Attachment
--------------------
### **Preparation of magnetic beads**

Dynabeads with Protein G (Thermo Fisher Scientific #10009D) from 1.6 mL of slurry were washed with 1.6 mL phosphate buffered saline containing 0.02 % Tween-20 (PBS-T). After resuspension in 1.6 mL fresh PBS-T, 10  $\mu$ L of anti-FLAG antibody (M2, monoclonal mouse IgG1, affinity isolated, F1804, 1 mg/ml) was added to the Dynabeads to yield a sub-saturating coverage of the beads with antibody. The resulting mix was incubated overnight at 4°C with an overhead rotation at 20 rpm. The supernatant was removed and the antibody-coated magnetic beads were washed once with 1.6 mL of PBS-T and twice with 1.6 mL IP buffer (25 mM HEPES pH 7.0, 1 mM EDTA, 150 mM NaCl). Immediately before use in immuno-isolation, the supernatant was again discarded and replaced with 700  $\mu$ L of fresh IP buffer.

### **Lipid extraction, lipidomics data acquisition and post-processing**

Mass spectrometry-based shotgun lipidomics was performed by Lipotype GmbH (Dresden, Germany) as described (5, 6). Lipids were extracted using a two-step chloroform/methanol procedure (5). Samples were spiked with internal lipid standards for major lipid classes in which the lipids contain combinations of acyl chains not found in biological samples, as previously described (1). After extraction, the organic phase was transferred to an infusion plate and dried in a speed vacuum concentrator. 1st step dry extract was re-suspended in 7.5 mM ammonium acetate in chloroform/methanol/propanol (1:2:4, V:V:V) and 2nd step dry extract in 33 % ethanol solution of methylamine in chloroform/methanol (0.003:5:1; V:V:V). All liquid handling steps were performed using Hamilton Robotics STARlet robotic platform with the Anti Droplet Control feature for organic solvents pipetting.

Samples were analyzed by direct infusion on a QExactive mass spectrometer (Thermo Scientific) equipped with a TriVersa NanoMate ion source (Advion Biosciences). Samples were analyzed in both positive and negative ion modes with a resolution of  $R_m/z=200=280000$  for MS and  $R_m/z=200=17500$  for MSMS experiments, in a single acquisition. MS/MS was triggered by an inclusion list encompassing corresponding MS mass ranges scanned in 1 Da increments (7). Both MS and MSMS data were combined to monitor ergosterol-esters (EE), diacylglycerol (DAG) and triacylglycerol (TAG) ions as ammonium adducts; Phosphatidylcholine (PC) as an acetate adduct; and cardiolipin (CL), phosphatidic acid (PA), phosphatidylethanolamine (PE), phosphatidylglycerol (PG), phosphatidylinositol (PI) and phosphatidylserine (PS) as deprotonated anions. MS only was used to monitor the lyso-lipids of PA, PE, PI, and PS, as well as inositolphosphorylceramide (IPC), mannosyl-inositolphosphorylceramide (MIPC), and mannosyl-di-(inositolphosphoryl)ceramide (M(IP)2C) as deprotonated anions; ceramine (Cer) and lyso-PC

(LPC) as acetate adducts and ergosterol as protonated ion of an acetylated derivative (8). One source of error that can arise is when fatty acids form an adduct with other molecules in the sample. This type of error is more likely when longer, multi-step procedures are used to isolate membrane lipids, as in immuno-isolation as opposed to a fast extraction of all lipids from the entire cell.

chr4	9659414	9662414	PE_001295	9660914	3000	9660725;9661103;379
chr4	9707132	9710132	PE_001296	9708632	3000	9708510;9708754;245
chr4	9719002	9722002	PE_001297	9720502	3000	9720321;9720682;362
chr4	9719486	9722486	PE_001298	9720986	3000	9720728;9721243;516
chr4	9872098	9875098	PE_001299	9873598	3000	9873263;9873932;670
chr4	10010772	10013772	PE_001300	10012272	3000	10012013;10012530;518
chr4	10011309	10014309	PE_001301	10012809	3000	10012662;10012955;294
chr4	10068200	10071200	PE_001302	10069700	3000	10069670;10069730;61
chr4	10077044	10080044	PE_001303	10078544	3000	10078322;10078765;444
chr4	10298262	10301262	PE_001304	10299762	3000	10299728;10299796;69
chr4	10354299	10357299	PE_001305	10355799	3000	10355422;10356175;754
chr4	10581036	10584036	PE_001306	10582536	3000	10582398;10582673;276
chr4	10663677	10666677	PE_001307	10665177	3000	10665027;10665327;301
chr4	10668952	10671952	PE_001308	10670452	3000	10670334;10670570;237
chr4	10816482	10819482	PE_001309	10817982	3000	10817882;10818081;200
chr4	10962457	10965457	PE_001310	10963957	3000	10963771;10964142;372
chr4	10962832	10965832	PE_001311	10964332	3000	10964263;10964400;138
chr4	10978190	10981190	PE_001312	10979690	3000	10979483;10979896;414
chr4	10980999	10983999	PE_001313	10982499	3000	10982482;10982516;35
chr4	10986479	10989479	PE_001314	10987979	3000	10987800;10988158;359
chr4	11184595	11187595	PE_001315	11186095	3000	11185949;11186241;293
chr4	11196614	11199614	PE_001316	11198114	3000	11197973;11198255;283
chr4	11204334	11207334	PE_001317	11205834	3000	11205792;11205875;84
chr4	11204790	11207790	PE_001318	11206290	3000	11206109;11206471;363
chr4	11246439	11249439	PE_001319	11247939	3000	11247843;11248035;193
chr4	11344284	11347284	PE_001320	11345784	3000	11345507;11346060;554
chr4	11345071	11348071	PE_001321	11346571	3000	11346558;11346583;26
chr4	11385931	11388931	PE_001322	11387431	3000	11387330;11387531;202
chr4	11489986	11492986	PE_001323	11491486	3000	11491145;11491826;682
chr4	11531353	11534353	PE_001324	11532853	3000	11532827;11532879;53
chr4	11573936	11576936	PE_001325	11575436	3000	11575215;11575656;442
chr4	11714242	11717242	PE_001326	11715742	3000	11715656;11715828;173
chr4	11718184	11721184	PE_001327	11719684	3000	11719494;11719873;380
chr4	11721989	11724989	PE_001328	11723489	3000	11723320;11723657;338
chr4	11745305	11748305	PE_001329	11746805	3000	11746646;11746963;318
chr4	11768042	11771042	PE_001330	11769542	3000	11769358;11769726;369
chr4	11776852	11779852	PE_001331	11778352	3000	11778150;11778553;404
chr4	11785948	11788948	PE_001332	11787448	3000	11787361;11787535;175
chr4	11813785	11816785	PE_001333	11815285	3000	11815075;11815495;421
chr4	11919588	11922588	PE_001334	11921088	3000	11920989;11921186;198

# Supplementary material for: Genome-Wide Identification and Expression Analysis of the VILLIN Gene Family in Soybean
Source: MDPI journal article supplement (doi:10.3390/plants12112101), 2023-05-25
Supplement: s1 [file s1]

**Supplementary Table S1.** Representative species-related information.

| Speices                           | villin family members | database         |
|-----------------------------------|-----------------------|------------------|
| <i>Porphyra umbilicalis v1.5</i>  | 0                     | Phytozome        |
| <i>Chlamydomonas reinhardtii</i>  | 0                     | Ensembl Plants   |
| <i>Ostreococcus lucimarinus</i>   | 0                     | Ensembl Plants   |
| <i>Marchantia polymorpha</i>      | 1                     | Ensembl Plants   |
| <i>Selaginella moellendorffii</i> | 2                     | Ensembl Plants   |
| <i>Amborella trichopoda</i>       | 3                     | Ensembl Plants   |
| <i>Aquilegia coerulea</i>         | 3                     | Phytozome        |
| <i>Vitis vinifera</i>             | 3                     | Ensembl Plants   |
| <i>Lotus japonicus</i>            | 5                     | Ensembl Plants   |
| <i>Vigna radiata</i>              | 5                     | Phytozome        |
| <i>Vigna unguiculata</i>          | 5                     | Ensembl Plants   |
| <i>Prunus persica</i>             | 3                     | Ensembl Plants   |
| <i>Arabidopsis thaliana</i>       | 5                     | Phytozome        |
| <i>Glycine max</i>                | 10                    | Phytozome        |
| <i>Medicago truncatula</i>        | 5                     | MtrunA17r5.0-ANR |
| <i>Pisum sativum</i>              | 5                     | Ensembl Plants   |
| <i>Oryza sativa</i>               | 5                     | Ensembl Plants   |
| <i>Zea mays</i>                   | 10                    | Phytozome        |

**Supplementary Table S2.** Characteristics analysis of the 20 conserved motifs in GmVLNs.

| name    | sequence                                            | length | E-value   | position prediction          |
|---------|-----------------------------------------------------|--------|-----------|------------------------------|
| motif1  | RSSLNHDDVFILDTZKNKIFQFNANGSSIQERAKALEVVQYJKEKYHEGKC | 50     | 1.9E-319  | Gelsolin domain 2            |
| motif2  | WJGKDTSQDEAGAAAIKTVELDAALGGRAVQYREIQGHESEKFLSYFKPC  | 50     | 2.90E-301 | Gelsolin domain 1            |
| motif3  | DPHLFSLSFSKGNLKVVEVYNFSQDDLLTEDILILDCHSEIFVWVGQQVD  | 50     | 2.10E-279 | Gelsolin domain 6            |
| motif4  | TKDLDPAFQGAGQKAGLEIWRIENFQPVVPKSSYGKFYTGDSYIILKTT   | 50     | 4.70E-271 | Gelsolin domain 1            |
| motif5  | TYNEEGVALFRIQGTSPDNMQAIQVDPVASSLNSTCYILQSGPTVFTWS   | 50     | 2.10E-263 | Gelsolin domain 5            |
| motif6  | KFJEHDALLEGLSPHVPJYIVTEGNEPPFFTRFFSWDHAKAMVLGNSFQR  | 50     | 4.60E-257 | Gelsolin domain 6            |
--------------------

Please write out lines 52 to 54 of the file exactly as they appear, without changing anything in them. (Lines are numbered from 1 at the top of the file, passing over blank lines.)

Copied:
|-----------------------------------|-----------------------|------------------|
| <i>Porphyra umbilicalis v1.5</i>  | 0                     | Phytozome        |
| <i>Chlamydomonas reinhardtii</i>  | 0                     | Ensembl Plants   |